Understanding Different Classification Loss Function Types in Machine Learning

In machine learning, classification problems are quite common and central to many applications. The purpose of a classification problem is to predict discrete class labels, such as detecting if an email is spam or not, identifying the species of a flower based on measurements, or recognizing handwritten digits. While designing a classification model, a key part to consider is the choice of the loss function, which measures how well the model’s predictions align with the true values. The right choice of a loss function can guide your model towards better performance.

In this blog post, we will dive deep into various types of classification loss functions to help you make the best decision for your machine learning model.

Categorical Hinge Loss

This loss function is mainly used in Support Vector Machines (SVMs) with soft margins. Essentially, it calculates the distance between the actual and the predicted value and attempts to maximize the margin (the gap between the decision boundary and the closest data points from each class).

  • Therefore, the smaller the categorical hinge loss, the larger the margin and the better your SVM performs.

Binary Cross-Entropy Loss

Binary cross-entropy loss, also known as log loss, is primarily used in binary classification problems, i.e., when there are only two classes to predict.

  • This loss function measures the dissimilarity between the true label and the predicted probability.
  • One of its key features is that it heavily penalizes models that are confident about an incorrect classification.

Categorical Cross-Entropy Loss

Categorical cross-entropy loss is a generalization of binary cross-entropy loss and is used when there are more than two classes to predict. These classes do not necessarily have to be mutually exclusive.

  • It quantifies the distance between the actual and the predicted probability distribution. * As with binary cross-entropy, it applies a heavy penalty to confident and incorrect predictions.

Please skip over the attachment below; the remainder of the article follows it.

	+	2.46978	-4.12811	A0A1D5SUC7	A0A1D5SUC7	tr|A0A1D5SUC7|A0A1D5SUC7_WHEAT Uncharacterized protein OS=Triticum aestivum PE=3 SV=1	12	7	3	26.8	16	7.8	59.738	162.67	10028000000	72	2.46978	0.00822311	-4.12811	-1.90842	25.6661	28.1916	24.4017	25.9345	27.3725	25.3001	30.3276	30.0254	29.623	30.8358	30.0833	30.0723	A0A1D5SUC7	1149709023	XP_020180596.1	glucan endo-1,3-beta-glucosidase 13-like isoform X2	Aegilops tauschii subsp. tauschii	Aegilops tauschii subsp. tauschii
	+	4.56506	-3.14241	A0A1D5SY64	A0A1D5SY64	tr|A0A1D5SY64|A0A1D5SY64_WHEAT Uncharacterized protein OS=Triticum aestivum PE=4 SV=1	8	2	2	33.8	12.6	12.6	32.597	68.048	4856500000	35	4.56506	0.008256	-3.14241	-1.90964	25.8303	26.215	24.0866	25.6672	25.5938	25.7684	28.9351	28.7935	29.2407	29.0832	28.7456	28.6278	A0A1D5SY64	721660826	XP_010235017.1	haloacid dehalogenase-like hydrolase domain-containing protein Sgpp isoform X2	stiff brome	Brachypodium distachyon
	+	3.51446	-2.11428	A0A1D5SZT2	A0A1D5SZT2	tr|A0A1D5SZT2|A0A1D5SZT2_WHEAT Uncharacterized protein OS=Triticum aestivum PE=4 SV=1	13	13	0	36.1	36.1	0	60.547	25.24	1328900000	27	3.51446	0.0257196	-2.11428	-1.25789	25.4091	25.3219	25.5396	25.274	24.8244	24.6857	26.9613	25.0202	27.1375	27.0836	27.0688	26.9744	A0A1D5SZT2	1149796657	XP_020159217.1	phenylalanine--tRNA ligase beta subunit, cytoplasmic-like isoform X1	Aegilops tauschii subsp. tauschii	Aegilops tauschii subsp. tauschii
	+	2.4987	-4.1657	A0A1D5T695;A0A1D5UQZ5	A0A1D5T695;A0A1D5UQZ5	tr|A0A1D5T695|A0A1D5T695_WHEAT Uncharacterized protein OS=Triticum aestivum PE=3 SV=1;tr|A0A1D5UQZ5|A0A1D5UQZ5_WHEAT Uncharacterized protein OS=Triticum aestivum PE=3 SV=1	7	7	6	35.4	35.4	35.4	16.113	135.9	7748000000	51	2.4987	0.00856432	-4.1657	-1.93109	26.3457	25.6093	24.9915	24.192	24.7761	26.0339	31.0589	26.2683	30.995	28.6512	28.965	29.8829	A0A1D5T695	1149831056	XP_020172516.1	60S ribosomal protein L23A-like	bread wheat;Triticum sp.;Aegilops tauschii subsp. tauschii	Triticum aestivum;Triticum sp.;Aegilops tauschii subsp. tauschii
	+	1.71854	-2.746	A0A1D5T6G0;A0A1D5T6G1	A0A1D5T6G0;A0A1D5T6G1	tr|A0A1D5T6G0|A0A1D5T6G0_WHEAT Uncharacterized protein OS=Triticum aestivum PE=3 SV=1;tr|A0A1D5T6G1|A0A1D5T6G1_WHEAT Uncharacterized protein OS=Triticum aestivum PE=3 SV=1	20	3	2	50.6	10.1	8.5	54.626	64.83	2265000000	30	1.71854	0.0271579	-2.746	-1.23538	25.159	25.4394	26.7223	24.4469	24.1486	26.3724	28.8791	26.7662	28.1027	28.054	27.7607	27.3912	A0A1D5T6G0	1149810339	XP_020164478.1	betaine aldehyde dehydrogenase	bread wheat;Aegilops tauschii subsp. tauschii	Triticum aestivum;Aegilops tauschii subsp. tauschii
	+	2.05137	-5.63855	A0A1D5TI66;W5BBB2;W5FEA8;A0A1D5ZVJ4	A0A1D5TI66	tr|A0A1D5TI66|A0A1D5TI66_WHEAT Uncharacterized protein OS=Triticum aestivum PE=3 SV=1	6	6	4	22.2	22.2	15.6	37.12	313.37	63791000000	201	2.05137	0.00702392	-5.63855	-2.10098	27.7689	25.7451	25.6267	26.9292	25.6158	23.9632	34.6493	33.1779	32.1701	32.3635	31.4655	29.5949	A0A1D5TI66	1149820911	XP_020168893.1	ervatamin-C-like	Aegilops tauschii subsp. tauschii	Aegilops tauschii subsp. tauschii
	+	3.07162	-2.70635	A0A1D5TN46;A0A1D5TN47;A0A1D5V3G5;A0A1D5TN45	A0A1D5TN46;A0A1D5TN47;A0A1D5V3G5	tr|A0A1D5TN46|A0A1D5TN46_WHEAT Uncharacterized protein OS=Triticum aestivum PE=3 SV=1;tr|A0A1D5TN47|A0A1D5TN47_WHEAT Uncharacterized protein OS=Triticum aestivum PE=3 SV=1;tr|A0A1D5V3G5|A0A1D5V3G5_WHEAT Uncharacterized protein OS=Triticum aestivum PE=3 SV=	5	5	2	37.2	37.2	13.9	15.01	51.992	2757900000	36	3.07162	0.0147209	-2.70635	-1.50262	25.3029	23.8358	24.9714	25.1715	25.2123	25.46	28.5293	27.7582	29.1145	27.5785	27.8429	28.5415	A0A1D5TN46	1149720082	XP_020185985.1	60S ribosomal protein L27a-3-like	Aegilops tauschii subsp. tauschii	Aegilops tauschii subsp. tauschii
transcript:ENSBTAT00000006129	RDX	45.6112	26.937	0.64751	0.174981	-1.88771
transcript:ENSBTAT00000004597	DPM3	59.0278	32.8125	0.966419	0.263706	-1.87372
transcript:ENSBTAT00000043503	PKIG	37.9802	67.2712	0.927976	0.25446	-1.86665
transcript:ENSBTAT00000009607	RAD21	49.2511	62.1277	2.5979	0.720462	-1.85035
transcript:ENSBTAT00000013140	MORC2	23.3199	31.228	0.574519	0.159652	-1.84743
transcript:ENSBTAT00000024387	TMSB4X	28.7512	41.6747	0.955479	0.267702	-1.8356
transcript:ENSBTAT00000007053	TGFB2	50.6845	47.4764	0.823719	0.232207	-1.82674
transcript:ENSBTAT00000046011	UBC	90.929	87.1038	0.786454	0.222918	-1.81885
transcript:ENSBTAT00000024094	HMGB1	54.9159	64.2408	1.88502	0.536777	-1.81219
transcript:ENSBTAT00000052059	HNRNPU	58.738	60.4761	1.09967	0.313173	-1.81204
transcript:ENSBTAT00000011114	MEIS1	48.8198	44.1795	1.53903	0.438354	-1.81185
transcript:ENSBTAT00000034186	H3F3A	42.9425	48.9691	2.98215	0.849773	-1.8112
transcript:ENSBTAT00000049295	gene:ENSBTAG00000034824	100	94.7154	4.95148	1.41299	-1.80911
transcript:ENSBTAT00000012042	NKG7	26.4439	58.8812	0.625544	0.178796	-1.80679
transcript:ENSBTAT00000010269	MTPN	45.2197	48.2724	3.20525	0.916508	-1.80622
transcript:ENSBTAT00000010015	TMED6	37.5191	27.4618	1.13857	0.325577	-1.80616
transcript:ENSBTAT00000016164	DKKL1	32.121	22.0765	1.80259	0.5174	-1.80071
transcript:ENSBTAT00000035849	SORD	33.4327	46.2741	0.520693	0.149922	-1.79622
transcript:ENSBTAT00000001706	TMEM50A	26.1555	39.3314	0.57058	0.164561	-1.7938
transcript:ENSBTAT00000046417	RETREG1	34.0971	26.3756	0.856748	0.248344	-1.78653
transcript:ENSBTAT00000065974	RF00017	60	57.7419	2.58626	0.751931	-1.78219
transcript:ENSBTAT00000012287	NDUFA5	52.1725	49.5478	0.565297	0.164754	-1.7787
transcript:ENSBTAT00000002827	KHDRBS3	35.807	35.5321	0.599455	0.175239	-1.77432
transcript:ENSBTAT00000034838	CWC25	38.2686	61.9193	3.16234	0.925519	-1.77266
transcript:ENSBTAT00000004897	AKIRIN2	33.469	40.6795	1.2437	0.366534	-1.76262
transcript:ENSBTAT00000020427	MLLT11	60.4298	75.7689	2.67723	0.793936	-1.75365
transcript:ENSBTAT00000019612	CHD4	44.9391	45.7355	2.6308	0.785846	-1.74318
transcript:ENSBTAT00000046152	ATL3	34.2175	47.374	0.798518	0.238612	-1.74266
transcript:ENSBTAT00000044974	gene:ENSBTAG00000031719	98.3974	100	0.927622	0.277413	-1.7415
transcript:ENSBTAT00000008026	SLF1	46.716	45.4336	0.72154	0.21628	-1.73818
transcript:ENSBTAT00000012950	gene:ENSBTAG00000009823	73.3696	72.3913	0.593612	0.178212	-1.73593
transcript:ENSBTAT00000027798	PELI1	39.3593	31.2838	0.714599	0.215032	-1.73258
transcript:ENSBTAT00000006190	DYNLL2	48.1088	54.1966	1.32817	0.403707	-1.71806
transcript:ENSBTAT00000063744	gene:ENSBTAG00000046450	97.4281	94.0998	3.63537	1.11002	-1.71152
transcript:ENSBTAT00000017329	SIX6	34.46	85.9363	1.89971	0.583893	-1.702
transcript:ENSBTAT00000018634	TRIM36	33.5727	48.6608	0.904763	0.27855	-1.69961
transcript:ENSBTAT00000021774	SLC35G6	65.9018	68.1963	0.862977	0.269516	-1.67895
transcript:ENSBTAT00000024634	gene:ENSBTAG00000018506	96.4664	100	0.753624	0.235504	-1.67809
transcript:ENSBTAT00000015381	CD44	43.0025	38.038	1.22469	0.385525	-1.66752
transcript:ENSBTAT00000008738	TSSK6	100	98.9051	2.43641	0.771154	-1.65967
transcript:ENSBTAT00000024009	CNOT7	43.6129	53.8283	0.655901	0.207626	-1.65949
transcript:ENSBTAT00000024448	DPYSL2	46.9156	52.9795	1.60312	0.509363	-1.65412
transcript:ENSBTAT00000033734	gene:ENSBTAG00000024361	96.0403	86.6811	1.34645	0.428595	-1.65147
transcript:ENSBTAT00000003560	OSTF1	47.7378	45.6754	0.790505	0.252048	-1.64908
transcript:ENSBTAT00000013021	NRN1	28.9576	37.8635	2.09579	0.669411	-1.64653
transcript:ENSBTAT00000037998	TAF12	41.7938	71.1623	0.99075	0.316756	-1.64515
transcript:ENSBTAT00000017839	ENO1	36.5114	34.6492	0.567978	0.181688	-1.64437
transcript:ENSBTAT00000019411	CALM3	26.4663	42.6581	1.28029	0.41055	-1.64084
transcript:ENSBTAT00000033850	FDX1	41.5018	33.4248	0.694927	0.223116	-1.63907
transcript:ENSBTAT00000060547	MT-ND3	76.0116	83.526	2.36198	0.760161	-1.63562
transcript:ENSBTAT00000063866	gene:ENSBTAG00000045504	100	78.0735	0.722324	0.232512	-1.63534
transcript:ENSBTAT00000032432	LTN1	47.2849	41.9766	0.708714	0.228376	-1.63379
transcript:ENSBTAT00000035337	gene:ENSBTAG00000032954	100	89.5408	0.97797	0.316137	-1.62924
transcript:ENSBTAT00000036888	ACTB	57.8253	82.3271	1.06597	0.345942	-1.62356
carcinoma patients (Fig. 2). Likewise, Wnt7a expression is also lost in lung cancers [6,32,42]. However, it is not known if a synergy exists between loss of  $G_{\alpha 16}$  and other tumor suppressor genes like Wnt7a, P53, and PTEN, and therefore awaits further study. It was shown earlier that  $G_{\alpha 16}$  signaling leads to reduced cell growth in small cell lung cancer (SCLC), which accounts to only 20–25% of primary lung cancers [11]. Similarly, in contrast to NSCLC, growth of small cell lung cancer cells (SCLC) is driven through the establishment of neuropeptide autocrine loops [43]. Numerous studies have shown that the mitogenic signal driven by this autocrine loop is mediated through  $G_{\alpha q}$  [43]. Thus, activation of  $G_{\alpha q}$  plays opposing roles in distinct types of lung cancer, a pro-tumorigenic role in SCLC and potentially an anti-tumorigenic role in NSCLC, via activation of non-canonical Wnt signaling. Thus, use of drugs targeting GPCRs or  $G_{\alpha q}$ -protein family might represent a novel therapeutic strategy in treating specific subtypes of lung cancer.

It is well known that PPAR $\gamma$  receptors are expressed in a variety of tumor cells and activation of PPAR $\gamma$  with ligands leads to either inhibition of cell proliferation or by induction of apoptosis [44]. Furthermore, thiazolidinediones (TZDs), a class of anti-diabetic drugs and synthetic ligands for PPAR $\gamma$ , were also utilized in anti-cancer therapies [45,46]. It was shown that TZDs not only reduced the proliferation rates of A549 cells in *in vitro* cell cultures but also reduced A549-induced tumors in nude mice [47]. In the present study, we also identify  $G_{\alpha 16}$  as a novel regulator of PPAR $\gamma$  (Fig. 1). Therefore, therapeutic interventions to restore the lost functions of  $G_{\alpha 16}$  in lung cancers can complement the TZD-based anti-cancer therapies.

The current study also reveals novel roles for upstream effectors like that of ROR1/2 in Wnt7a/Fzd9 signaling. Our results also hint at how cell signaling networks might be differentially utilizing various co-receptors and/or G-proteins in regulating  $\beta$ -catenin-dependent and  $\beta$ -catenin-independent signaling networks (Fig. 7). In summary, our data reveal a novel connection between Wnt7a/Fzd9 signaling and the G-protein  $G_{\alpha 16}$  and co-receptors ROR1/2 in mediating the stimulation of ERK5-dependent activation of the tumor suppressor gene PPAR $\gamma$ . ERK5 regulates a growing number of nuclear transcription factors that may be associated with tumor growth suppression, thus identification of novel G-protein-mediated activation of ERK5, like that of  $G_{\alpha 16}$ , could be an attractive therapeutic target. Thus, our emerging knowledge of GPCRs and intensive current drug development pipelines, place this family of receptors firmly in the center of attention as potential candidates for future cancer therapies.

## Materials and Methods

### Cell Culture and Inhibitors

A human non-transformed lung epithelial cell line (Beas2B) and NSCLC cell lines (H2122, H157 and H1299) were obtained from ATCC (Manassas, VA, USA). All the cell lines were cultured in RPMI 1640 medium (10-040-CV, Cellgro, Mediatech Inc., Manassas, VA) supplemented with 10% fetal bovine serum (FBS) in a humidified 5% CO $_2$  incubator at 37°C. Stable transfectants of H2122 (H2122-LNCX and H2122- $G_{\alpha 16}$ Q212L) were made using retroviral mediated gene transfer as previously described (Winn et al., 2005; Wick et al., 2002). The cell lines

Sparse Categorical Cross-Entropy Loss

Sparse categorical cross-entropy loss is another variant of the categorical cross-entropy loss but it is used for mutually exclusive multiclass classification problems.

  • A notable advantage of this loss function is that it saves memory, making it particularly useful when dealing with large datasets.

When to use which

The key difference between categorical cross-entropy (cce) and sparse categorical cross-entropy (scce) lies in the format of the true and predicted class labels. Cce expects the labels to be one-hot encoded (a binary matrix representation of the class labels), which can be memory-inefficient when dealing with a large number of classes. On the other hand, scce works with integer labels, making it a memory-efficient alternative.

  • Cce loss function produces a one-hot array containing the probable match for each category, whereas scce loss function outputs the category index of the most likely matching category. This can lead to a significant reduction in memory usage when the number of categories is large.
  • However, by using scce, you lose a lot of information about the probabilities of other classes, which might be important in some scenarios. In general, cce is preferred when reliability of the model is important.

Nevertheless, there are situations when using scce can be beneficial:

  • When your classes are mutually exclusive, meaning that each input only belongs to exactly one class. In this case, you don’t care at all about other close-enough predictions. When the number of categories is so large that storing the prediction output for all categories becomes infeasible or overwhelming.

  • In conclusion, selecting the right loss function is crucial for training an effective machine learning model. While this post discusses the loss functions used in classification tasks, there are many other loss functions out there suited to different types of machine learning tasks.

As always in machine learning, the choice of loss function should be guided by your specific problem and the nature of your data.


Classification loss functions are critical in guiding machine learning models towards optimal performance. The categorical hinge loss, predominantly used in Support Vector Machines, maximizes the margin for better model performance. Binary and categorical cross-entropy losses are used for binary and multi-class predictions respectively, heavily penalizing confident and incorrect predictions. Sparse categorical cross-entropy is suitable for mutually exclusive multi-class problems, offering memory efficiency, but sacrifices some information about other class probabilities.

The choice of loss function should be dictated by the specifics of your data and problem requirements.